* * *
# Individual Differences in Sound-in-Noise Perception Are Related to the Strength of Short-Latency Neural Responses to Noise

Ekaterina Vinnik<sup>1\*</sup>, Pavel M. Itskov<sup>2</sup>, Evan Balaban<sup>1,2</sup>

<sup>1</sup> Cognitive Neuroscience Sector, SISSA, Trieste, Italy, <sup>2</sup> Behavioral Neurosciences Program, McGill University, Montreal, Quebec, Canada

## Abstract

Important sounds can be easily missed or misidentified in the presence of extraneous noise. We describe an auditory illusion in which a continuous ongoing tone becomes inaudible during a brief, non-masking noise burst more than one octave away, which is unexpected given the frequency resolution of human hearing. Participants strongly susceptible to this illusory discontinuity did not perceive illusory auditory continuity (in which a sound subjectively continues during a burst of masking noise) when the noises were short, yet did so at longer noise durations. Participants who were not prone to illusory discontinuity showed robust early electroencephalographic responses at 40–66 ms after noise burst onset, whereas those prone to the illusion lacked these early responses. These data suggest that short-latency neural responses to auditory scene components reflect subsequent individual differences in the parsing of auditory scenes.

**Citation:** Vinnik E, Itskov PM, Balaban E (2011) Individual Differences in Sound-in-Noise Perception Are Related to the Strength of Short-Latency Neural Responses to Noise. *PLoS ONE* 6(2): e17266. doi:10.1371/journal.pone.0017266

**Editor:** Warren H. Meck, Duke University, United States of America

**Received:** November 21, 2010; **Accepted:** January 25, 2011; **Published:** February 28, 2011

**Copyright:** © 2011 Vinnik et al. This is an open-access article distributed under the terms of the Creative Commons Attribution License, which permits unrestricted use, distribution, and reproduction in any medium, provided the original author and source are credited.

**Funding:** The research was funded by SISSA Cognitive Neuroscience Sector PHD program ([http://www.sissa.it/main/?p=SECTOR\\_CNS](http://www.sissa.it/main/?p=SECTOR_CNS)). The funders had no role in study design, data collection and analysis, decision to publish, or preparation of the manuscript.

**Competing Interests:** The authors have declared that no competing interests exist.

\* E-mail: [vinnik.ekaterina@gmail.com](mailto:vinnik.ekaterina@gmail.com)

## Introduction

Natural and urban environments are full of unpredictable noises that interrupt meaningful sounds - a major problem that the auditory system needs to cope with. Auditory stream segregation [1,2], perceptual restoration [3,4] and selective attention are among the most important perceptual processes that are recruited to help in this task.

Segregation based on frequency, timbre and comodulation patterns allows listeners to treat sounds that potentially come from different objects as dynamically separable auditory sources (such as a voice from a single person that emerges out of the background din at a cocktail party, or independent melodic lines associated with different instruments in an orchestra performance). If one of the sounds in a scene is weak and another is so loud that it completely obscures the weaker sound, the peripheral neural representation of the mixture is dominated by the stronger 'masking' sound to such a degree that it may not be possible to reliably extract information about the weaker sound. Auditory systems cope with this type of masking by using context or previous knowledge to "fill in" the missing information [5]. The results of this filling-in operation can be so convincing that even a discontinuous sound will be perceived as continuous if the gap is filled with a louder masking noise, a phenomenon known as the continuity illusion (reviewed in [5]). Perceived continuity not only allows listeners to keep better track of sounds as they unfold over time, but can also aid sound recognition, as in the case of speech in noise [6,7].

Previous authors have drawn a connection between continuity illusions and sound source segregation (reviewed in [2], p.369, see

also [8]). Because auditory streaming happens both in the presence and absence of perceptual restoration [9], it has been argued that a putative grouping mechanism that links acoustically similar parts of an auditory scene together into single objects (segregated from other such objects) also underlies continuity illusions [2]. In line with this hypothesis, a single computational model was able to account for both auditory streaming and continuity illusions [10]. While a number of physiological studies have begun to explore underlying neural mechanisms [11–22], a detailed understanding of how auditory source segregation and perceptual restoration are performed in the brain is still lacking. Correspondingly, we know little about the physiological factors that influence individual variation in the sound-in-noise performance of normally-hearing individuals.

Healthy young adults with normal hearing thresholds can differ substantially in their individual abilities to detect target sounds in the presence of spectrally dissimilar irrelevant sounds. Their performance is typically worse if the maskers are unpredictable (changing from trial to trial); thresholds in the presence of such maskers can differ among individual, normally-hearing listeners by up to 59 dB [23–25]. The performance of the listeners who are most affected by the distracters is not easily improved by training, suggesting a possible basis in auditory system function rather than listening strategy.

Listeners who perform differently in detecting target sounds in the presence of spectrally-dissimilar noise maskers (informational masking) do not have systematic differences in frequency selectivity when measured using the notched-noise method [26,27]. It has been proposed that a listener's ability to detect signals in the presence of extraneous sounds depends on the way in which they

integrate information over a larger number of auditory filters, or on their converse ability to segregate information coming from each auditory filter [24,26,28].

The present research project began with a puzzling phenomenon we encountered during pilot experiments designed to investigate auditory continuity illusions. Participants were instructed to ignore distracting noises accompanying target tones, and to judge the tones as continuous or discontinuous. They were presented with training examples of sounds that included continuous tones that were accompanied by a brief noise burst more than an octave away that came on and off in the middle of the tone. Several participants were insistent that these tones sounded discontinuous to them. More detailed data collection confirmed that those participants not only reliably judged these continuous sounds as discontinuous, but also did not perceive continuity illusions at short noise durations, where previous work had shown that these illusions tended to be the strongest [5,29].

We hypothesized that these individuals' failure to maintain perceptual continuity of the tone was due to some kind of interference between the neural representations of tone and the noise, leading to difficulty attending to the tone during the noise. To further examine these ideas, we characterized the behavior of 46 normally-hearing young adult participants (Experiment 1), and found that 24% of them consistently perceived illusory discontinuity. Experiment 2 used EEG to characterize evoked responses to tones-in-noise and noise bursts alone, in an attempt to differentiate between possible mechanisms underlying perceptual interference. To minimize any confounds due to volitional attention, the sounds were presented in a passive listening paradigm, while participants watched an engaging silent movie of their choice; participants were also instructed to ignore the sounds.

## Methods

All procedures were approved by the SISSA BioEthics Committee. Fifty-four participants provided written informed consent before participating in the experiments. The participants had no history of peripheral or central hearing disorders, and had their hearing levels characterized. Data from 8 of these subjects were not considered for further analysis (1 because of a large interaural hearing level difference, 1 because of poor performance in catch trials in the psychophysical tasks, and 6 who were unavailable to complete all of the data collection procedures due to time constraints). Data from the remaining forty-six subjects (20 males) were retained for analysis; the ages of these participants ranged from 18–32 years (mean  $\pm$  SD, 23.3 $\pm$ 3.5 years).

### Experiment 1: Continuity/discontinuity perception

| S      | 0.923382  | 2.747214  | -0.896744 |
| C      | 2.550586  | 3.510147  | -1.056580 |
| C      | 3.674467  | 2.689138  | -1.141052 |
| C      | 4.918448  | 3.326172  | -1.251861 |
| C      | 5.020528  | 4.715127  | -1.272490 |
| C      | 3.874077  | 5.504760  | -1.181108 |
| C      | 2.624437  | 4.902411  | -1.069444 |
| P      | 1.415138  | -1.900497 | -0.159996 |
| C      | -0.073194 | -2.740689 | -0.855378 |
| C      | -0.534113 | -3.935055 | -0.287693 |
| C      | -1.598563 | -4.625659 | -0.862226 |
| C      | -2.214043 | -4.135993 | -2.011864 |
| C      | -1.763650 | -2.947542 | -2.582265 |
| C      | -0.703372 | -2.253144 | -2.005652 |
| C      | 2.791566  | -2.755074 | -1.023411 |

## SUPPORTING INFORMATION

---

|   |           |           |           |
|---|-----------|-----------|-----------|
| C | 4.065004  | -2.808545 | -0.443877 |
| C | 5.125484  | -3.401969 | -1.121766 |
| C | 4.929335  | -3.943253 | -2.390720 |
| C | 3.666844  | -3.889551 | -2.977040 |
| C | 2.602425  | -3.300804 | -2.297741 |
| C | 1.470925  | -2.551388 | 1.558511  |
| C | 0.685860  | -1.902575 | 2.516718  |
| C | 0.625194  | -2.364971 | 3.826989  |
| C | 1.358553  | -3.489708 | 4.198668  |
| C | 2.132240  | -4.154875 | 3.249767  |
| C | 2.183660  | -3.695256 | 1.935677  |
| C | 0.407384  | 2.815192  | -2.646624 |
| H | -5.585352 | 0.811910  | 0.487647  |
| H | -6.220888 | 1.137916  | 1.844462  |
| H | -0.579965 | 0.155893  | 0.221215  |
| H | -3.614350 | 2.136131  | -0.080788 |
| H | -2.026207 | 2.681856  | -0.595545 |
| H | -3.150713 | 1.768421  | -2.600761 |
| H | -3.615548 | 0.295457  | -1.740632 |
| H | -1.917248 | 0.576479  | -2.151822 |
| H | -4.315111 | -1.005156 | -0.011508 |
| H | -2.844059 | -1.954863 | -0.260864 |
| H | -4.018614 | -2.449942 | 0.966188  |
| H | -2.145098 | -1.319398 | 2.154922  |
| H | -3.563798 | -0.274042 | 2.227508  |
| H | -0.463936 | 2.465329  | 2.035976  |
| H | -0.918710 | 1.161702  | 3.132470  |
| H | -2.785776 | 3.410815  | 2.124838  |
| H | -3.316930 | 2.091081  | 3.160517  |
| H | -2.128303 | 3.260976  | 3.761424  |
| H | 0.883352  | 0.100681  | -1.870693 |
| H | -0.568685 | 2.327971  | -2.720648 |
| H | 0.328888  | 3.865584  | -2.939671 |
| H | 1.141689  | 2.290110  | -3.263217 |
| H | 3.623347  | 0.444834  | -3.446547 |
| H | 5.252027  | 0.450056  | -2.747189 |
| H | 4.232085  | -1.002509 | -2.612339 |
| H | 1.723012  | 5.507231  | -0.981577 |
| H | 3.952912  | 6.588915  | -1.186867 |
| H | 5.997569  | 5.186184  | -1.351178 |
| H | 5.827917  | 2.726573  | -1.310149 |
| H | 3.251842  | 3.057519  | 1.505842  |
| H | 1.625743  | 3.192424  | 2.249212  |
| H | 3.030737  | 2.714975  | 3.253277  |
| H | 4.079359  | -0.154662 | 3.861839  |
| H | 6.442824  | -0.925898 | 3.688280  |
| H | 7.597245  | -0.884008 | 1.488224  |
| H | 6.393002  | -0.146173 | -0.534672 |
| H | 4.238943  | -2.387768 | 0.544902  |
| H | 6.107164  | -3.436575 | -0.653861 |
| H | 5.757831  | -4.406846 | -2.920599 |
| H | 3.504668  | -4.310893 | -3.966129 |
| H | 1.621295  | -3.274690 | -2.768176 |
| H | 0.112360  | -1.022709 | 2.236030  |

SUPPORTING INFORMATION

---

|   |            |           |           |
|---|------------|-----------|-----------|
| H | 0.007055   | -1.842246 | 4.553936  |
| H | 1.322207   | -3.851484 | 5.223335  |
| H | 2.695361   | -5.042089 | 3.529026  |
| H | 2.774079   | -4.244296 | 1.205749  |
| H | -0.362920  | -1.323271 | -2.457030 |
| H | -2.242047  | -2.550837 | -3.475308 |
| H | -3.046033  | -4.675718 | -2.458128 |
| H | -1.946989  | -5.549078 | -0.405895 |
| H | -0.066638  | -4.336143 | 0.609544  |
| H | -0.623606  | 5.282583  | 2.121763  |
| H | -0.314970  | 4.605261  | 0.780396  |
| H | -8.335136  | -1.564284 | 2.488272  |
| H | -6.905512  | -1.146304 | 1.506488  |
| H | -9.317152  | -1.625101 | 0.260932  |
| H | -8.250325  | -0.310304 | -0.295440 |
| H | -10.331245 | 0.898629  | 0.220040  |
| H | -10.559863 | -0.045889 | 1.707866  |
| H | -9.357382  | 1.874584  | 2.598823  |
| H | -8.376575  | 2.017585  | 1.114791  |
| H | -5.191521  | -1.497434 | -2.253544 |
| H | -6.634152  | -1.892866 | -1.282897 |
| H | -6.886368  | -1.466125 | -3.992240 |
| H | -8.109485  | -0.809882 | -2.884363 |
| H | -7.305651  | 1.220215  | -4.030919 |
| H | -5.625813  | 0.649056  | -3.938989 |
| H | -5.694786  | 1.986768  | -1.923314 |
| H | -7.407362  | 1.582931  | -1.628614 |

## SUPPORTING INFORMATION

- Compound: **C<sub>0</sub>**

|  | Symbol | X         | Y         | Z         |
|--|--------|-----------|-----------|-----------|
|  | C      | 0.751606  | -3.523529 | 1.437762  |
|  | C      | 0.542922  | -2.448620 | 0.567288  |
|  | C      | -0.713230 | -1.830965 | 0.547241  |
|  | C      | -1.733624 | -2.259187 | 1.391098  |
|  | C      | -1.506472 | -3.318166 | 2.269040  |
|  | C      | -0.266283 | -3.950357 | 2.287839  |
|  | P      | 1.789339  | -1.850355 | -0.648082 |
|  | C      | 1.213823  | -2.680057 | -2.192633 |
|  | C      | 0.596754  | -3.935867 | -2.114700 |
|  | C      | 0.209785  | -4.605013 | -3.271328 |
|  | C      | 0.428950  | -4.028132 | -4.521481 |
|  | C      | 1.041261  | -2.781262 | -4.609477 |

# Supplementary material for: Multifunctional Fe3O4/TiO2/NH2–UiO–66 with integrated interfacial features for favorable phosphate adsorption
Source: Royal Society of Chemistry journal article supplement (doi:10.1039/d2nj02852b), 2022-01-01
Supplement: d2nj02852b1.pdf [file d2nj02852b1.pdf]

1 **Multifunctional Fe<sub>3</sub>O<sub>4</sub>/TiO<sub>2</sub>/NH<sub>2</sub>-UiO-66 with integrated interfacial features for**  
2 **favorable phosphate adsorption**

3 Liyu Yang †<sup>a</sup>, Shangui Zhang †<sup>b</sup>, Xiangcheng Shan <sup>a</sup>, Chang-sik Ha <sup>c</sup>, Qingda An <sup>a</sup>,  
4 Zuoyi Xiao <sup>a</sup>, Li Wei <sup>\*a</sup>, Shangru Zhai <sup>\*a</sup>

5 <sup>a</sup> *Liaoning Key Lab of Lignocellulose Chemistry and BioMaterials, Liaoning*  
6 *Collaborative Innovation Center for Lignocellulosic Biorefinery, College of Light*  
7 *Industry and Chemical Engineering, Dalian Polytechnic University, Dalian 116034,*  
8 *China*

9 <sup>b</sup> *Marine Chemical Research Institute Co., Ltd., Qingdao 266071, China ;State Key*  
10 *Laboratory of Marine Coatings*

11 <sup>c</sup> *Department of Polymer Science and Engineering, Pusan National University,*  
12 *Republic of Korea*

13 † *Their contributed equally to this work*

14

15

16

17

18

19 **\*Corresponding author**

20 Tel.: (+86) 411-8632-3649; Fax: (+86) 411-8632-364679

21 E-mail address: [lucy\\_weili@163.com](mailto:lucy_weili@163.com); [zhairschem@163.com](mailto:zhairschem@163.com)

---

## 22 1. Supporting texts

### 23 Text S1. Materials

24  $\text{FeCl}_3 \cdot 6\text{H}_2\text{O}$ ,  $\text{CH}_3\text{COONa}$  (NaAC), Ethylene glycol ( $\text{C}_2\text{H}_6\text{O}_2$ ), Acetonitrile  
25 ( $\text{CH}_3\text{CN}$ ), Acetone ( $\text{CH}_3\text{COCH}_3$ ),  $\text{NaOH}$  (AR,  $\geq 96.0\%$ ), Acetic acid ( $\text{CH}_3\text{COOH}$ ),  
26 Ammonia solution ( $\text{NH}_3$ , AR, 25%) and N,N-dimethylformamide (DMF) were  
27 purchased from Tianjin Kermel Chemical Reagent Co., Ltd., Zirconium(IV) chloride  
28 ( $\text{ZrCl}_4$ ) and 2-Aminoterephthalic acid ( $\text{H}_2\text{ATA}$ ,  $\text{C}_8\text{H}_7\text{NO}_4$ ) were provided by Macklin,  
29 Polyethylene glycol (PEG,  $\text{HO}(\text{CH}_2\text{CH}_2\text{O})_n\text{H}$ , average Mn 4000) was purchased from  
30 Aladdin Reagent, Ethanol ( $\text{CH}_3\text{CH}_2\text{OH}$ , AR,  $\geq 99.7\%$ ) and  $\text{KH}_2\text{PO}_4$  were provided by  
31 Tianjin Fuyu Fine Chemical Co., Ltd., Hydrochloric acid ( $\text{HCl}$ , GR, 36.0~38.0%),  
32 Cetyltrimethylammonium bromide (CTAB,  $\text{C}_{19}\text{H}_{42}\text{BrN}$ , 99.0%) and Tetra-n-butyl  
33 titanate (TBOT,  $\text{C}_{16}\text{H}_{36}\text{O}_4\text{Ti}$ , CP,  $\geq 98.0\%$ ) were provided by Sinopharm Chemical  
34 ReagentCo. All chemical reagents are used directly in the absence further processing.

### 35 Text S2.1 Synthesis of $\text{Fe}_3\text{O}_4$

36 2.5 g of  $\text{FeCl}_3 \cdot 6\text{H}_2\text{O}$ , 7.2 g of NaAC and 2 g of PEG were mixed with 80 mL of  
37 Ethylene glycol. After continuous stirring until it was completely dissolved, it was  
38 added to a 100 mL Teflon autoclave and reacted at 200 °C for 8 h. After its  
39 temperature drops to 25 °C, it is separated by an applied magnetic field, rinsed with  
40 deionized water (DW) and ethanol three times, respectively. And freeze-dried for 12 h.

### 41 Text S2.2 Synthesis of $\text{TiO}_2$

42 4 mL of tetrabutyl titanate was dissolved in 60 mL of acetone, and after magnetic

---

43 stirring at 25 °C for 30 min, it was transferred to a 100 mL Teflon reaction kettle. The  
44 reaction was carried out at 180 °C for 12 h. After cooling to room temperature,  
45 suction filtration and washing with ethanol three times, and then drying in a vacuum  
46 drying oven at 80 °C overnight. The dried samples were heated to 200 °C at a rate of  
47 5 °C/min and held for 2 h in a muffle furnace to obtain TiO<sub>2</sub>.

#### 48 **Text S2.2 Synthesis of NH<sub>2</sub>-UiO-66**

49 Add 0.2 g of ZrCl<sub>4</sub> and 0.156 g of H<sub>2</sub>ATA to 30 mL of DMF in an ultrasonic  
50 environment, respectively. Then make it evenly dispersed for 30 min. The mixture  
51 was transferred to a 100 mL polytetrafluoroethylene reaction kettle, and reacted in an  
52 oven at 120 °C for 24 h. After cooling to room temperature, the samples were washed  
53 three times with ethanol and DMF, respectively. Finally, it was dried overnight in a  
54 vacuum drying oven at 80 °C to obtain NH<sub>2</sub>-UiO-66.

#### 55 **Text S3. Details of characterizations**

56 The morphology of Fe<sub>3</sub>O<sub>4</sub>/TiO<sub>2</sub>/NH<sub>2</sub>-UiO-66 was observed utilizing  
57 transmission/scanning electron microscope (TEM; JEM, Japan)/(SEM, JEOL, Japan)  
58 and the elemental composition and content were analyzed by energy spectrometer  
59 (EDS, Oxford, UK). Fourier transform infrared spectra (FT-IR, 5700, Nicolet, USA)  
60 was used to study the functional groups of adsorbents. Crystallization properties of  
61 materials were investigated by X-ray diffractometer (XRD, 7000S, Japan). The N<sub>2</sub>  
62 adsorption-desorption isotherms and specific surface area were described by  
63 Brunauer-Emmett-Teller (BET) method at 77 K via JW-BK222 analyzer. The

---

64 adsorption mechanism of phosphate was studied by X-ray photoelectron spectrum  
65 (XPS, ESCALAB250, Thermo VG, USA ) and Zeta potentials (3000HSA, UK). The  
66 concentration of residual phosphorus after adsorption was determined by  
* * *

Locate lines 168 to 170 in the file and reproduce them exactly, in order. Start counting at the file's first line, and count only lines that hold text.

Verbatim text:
20 Tel.: (+86) 411-8632-3649; Fax: (+86) 411-8632-364679

21 E-mail address: [lucy\\_weili@163.com](mailto:lucy_weili@163.com); [zhairschem@163.com](mailto:zhairschem@163.com)

---